Michael Bierut

“If you ask people in the US what logos they like and recognise, they’ll name Target or Nike. Target for example, is just a dot with a circle around it, that’s all it is, so if you want a logo like Target, you don’t need to hire a designer, you barely need to know how to operate a computer program, the logo may as well be anything. God knows we do a lot of them here, but I think the best work in the area comes down to what most designers would agree on: the obvious thing, it’s not the actual logo but how it is used.”


“There is this peculiar obsession with kerning on Brand New. I’ve realised that it’s because that’s what a lot of the people who comment on the site do during their work day: kern type. They don’t spend a lot of time presenting challenging identities to tough, cynical boards of directors at major corporations. A lot of them would never have done that, but they’ve adjusted the space between letters and it’s something they can react to with absolute authority. It’s fun, it’s anyone’s game, and everyone can have an opinion on a logo. I try to take it all with a grain of salt; I’ve never taken them seriously. I think that you could design a terrible logo for a good company with great people and they could build it into a great program. Alternatively you could design what seems to be a brilliant logo for people who are not smart or energetic or are incapable of associating with anything positive and it would become a terrible logo.”

Read the full interview on Facing Sideways.

Michael Bierut was involved in these previously featured projects:


Mr Bierut… I hope your not ‘dissin’ our ‘dissin’ of your colleges recent Stanmore Implants mark…

“I think that you could design a terrible logo for a good company with great people and they could build it into a great program.”

Well said… : )

Absolutely spot-on in his assessment of Brand New. The obsession with kerning there is incredible. But don’t mention it to them though – they don’t like that…

Great read, and something I’ve thought about before. What makes a good logo designer really? When making a great logo can be something that’s a very simple process with simple results, or can involve extensive research and deployment, and either way can produce good or bad results.

Mr. Beirut is, of course, speaking from a vast well of experience and this needs to be respected, as it should.

I can also agree with his last points, but I must ask: does he really mean, at the end of the post, a terrible logo… or a terrible brand?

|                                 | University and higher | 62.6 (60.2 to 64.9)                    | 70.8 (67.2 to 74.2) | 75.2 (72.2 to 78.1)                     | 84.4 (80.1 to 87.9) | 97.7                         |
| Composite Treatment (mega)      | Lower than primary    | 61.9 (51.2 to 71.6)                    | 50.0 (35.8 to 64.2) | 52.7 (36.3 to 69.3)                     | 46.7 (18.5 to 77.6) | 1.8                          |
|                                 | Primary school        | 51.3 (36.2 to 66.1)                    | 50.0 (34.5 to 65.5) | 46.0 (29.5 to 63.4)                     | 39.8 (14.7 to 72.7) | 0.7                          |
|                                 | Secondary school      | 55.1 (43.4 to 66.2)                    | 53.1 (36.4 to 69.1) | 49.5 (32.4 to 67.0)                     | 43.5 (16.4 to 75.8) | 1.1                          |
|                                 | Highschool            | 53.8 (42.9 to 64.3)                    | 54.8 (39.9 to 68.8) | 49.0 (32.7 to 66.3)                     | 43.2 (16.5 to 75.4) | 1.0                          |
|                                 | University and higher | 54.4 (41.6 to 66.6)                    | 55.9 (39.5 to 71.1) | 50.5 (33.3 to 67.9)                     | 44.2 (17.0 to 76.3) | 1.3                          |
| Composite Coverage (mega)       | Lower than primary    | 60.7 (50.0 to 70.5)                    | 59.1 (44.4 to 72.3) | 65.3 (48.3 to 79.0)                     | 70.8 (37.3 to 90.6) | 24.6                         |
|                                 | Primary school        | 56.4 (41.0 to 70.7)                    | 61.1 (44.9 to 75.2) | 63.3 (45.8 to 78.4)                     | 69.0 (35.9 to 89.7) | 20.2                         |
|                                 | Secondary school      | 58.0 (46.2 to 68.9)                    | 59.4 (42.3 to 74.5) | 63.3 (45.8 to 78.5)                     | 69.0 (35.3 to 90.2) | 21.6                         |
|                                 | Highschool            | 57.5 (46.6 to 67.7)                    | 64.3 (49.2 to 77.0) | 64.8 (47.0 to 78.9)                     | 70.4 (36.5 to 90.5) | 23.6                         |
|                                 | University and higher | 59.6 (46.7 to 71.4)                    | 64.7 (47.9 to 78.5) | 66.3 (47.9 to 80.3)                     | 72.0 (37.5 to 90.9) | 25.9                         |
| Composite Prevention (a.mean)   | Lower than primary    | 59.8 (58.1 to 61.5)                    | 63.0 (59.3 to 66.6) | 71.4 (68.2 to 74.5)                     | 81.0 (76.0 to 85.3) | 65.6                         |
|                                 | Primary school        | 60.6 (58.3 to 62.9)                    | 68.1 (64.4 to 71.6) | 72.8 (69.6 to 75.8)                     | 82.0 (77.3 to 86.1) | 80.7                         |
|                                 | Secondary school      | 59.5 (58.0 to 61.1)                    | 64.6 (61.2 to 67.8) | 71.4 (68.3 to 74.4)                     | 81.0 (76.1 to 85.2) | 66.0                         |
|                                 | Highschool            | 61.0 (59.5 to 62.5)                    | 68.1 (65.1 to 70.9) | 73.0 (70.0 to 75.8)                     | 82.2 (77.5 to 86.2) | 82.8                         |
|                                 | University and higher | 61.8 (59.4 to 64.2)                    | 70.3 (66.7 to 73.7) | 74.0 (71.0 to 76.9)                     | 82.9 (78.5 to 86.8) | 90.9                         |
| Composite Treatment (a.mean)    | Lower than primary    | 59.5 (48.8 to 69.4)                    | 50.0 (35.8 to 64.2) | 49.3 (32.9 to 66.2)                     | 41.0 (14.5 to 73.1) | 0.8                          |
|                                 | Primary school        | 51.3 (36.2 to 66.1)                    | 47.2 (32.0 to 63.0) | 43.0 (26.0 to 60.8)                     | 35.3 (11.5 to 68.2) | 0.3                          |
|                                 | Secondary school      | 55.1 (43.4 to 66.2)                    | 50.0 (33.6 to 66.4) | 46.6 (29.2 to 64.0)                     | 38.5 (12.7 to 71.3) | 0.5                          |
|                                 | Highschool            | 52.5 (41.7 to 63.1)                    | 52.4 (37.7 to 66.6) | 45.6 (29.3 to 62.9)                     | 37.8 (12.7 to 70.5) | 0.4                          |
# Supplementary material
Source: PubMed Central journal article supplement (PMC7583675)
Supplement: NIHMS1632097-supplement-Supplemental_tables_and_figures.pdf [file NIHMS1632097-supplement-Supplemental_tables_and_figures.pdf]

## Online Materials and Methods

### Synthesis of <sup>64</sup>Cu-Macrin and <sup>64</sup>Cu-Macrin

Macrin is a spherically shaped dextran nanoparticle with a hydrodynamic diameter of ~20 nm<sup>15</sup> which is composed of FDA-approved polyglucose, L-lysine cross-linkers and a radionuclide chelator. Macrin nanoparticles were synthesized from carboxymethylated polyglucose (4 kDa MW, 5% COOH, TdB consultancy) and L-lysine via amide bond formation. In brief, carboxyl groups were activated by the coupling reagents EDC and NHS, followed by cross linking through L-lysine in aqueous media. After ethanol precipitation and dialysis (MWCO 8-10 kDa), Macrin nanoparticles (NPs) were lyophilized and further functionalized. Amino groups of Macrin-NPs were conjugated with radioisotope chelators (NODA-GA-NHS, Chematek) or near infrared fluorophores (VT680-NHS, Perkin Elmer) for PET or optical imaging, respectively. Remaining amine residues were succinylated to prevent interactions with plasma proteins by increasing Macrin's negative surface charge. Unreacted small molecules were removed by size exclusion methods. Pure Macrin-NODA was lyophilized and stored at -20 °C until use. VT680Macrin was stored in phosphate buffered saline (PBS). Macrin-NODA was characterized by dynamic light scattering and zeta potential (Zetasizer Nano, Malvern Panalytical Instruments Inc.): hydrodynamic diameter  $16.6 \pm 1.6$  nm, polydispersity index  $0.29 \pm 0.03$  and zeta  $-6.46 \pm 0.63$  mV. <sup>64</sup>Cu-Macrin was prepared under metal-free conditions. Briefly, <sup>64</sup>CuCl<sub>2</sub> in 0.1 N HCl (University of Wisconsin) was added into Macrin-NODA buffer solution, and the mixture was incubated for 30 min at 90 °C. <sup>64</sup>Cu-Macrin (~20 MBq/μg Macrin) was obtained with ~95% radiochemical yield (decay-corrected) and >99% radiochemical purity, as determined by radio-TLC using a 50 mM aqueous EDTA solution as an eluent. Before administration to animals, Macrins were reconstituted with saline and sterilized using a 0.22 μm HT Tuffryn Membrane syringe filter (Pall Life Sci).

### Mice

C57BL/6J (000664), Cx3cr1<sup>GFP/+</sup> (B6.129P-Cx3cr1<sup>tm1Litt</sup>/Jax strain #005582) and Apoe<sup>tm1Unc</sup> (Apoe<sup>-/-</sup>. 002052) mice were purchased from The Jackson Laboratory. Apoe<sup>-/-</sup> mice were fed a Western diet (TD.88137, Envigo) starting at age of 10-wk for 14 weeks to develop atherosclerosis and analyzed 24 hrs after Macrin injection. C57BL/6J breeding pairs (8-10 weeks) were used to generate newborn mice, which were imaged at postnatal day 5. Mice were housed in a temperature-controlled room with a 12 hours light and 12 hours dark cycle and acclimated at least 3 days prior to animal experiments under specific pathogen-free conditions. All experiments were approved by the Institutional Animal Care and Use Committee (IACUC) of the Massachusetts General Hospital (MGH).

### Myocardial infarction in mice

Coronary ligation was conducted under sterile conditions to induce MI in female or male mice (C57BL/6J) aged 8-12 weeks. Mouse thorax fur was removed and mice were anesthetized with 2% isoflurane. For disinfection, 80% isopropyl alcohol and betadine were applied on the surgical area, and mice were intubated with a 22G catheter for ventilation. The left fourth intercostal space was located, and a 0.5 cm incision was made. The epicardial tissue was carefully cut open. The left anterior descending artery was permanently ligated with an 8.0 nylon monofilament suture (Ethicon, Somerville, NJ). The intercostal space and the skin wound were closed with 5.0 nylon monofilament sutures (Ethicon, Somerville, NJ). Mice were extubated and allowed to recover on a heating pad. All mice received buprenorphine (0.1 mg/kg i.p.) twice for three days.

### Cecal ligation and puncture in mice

David, again, thanks for this type of post. Keeps expanding my horizon.

All the best!

I like his view on things. But I don’t agree with the fact that you don’t need a designer. The difficulty in creating a good logo is bringing it down to the simple basics and having an IDEA behind it, which is relevant for the product. The rest is connecting it with an attitude/image and an emotional value/USP. That’s the real work (brand/marketing) and in the end, determines in the public eye if it’s a good or bad logo on account of established brand values.

I always expect that people of Michael Beirut’s stature have access to more profound material to account for their success than is expressed in this interview. Perhaps Malcolm Gladwell is on the money concerning talent, time and place in his book Outliers. That, or it is Mr Beirut’s charisma that is more deserving of attention than how he speaks of logos.

Otherwise, it may well be that Chris Bowden has not been sensitive enough to Michael’s answers. Perhaps the nature of his questions conspired to undermine the possibility of uncovering more substantial insights.

What is that rubbish about authority over kerning in the comments on Brand New?! Most comments on Brand New appear to be from over-eager and inexperienced designers, who have, perhaps, ironically, been misled by the likes of Michael Beirut and other similar design-oriented public figures.

As soon as someone dealing in symbols resorts to truth to validate their position a lightweight philosophical process is revealed. Philosophy should never dominate a creative process but meaningful propositions do require at least a basic grasp of philosophy. Truth-dependent propositions are easily eroded. There is no ‘truth about logos’, there are only ever opinions about logos.